Portraits From the Women’s Wave

January 19, 2019 11 photos
  • “I support intersectionality. I believe that feminism is often misinterpreted as something that’s solely for women. We are here for everyone. We’re here for men. We’re actually here for women, the elderly, the young, and everyone in our community and our society,” asserts Nguyen. “I think through constructive criticism we have gotten better and have addressed the issue of being intersectional.”

    –Dung Nguyen, Hawaii


  • “It’s about equal rights and [the fact that] women having the same rights doesn’t mean men have less rights.”

    –Allison (right), Virginia

  • ”It is really nice to be out here and feel the solidarity,” says a Women’s March volunteer who did not wish to be identified before commenting on recent altercations within the movement regarding antisemitism accusations. “What we are trying to do in general is have a big tent. And within a big tent you should include diverse views. I happen to be Jewish and I have noticed that accusations of antisemitism have been used as a wedge to try to divide groups that have had an impact in the past. I personally won’t allow Jews to be a pawn in a movement that is having an impact.”

    –Women’s March volunteer, Maryland

  • “We are all bringing chairs to the table. Shirley Chisholm said ‘bring a folding chair,’ but we are not bringing just folding chairs. We are bringing comfortable chairs that are not going to go anywhere,” O’Brien says, gesturing to the art installation by Alessandra Mondolfi carried by volunteers unified through Facebook. “Also, we have our intersectional couch. On our intersectional feminism couch, we’re all together and we are just not going anywhere.”

    –Brenna O’Brien, Illinois

  • “As a woman, I don’t feel safe in a country where a president calls someone a nasty woman, makes comments like grabbing pussies or acts like a 5-year-old.”

    –Sheral Patel (second to the right), Virginia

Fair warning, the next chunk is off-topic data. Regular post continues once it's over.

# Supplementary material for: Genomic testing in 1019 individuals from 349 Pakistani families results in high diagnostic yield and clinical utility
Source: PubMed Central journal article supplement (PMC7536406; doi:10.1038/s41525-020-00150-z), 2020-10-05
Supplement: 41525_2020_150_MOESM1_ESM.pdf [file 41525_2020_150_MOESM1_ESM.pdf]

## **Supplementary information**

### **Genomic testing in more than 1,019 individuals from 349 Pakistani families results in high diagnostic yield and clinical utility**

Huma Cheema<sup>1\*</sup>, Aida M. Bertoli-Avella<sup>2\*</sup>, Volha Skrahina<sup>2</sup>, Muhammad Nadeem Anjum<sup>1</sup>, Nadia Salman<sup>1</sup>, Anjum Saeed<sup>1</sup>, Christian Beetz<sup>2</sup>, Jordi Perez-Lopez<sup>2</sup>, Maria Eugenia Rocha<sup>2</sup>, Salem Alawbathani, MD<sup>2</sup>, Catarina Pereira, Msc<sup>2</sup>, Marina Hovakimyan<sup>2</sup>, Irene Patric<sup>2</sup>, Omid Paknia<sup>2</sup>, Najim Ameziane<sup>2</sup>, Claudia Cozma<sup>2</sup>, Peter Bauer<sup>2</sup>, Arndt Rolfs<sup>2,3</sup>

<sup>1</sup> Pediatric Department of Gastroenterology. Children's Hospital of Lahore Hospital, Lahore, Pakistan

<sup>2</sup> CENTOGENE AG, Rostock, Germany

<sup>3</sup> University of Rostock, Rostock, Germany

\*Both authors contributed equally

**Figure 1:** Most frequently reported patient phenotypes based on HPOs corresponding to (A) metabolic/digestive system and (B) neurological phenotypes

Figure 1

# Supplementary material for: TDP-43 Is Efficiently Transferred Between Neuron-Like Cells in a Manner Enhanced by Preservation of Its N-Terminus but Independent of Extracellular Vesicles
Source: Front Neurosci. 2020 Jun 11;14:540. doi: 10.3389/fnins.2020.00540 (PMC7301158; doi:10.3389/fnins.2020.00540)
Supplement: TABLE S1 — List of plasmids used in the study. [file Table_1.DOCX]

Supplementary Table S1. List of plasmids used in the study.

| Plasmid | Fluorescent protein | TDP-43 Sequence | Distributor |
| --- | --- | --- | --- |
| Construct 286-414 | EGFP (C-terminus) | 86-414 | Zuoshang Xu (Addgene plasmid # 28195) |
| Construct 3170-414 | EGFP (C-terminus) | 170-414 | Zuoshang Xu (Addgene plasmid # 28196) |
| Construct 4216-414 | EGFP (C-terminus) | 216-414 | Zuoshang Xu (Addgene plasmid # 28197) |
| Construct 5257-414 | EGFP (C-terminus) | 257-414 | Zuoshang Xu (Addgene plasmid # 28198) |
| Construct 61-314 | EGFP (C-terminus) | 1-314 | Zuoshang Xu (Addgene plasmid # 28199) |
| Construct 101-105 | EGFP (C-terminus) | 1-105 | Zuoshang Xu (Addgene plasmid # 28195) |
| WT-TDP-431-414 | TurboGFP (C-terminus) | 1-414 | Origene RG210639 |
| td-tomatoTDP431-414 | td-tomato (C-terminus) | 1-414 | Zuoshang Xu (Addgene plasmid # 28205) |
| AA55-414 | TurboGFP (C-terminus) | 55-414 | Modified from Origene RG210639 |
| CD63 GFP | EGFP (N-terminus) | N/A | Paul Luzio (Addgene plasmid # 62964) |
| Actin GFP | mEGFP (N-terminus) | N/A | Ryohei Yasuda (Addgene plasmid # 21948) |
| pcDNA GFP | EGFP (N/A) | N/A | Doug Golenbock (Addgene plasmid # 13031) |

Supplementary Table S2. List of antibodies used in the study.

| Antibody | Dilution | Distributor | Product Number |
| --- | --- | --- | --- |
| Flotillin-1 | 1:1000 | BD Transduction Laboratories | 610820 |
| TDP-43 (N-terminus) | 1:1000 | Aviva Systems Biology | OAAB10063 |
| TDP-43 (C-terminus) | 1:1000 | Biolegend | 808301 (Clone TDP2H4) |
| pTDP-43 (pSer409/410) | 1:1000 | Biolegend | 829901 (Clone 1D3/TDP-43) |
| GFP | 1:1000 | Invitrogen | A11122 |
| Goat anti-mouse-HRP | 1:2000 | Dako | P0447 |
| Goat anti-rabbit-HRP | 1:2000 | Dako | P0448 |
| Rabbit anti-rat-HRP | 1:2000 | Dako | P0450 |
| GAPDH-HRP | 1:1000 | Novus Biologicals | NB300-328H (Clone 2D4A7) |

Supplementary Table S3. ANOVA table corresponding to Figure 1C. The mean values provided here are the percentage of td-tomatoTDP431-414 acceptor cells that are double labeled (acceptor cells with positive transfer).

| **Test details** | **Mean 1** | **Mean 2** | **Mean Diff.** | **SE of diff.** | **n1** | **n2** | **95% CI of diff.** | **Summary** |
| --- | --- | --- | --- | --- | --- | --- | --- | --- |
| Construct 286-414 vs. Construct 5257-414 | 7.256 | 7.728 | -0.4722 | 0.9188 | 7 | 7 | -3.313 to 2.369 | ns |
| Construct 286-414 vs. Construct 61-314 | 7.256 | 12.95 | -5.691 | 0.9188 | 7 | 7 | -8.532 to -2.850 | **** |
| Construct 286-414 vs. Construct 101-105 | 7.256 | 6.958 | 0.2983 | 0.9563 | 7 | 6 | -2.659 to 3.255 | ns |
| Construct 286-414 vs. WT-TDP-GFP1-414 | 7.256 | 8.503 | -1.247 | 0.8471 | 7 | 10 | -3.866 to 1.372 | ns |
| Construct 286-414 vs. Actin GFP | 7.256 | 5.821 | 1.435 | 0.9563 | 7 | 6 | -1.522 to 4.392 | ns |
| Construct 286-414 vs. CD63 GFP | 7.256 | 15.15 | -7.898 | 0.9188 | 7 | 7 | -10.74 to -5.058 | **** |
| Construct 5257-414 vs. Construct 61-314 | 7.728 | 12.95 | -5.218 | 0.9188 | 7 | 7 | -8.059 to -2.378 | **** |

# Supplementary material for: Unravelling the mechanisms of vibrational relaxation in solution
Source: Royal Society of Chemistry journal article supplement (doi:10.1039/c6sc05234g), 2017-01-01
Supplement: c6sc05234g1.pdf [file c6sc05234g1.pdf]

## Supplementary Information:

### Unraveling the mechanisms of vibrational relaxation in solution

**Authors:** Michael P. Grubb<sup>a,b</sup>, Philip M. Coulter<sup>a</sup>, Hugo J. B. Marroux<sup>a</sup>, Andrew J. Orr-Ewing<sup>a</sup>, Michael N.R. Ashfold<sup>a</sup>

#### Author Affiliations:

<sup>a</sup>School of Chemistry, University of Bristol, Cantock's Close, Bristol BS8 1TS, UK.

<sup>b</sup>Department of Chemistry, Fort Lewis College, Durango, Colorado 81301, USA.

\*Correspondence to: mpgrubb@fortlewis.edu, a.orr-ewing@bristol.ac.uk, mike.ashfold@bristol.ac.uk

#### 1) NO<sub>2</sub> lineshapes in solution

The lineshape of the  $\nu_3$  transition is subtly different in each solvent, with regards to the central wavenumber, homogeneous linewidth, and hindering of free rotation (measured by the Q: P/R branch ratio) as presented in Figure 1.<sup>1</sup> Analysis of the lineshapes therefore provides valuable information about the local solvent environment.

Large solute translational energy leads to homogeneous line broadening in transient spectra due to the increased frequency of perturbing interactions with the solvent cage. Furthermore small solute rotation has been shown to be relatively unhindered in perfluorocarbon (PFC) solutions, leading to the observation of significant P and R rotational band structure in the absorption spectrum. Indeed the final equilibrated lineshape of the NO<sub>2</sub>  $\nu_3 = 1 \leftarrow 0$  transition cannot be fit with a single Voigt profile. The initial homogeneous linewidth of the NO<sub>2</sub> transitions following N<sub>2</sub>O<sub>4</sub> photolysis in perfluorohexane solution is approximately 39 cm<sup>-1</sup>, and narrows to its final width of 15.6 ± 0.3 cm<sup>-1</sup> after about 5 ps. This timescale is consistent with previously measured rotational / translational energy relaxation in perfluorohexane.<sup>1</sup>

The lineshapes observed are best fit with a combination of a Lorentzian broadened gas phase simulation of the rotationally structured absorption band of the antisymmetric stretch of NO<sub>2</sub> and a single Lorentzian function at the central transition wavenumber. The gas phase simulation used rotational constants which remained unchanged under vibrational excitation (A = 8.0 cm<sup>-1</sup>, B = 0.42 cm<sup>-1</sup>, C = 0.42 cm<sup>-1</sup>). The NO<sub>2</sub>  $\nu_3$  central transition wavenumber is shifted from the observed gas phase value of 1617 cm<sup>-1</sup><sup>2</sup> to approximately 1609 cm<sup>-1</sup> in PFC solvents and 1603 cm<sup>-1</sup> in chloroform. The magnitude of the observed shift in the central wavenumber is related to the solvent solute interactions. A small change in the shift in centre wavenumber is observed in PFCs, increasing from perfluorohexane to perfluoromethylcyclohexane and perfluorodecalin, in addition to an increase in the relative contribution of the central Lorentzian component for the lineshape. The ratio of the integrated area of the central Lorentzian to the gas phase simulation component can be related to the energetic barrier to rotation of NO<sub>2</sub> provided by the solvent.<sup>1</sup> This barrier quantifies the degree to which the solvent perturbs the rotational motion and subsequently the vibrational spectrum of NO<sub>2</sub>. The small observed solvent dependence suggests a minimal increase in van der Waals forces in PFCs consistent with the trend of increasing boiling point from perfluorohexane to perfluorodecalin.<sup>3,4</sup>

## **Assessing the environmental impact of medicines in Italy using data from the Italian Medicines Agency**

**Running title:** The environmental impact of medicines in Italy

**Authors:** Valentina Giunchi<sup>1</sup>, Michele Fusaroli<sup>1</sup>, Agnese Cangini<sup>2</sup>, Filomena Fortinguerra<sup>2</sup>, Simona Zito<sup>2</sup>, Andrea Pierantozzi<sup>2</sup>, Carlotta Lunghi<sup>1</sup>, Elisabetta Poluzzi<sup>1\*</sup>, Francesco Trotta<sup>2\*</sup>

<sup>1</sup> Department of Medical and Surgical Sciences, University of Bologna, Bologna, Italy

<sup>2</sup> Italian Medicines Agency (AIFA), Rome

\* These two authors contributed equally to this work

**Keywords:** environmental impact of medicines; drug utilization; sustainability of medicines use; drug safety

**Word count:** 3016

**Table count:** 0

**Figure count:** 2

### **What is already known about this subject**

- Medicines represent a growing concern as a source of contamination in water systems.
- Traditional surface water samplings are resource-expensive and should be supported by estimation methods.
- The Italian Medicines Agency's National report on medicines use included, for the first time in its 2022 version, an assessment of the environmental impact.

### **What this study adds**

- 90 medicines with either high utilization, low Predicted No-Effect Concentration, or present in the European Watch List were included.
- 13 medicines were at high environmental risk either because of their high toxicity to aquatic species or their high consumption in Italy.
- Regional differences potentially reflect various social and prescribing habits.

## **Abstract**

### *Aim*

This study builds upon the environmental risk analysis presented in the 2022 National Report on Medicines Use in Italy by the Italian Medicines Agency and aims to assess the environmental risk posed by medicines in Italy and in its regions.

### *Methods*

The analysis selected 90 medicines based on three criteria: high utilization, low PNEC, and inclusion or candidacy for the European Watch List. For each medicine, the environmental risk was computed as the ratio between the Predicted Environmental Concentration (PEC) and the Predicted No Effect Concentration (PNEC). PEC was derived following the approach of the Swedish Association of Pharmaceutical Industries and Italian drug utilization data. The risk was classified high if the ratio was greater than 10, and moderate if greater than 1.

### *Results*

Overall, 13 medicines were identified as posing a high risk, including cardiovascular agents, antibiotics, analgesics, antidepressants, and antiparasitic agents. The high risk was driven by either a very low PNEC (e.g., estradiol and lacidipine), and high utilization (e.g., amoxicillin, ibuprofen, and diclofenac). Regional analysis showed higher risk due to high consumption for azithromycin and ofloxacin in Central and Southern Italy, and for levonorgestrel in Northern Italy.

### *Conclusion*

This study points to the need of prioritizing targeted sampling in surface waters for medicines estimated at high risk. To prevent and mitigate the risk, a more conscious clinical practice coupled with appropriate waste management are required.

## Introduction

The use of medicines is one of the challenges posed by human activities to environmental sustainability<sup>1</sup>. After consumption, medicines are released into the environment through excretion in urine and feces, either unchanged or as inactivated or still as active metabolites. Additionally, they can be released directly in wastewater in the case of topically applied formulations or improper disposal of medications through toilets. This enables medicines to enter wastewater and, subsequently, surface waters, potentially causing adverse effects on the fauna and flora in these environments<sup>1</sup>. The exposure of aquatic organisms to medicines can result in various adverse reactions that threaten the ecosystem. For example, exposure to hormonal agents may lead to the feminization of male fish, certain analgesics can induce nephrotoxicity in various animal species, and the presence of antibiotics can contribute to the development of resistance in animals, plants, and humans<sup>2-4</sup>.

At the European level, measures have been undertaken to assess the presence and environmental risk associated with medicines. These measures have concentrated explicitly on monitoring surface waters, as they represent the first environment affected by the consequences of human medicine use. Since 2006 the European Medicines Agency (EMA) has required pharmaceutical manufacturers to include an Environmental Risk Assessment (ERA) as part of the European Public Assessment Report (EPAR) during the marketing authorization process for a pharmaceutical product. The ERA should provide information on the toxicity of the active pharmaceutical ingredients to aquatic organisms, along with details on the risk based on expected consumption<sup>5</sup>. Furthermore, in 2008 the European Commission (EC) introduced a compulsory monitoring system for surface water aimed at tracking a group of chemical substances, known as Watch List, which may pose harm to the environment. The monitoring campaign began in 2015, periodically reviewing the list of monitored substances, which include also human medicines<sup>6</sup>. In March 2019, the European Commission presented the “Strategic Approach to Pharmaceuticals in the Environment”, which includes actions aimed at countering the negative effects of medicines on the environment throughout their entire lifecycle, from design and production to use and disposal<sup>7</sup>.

• ”[Trump] represents a wall between people. He’s creating it, he’s maintaining it and he has no empathy,” remarks August, before she introduces her newfound friends. “These are my friends I picked up in the parade. They are from Bolivia and I believe living in Vienna, [Maryland]. She’s learning English, and the girls, they go to school here.”

    –Jennifer August, Delaware

  • “I think that all sides should share their perspectives. We have events such as these to come together and voice our opinion in a civilized manner but a spirited one. I think that is essential and it has been beautifully executed today.”

    –Grace Xia, Maryland

  • ”It’s more the [Supreme Court Justice Brett] Kavanaugh situation that got us really pissed. Like that sign says, we are more pissed this year than we were last year,” says veteran marcher Schirtz. “For me, the #MeToo movement and that thing [the Kavanaugh appointment] hit home and it reminded me of stuff that happened in the past. It kind of resurfaces, triggers and floods people. I am hoping when those kind of feelings get triggered and flooded, it brings people out to the polls more.”

    –Meghan Schirtz, Virginia

  • “I was considering a way of how I could get involved and honestly, this was just a first step for me,” remarks first-time march-goer Cunningham. ”For me, universal health care is particularly important. Myself, I’m middle class, but that is dwindling, but I am one medical emergency from being displaced.”

    –Mia Cunningham, Ohio

  • “[The Women’s March] calls attention to issues. It motivates people to get involved. I think a lot of people who marched in the past two or three [marches] were not necessarily previously involved [in politics] like they are now,“ remarks Owen. “In fact, I am here with four other family members and we were not involved previously.”

    –Jill Owen, Arizona

  • “I believe that if you disagree with what’s happening, it’s also important to make sure that you’re showing up and making your voice heard.”

    –Rishon Seaborn, Washington, D.C.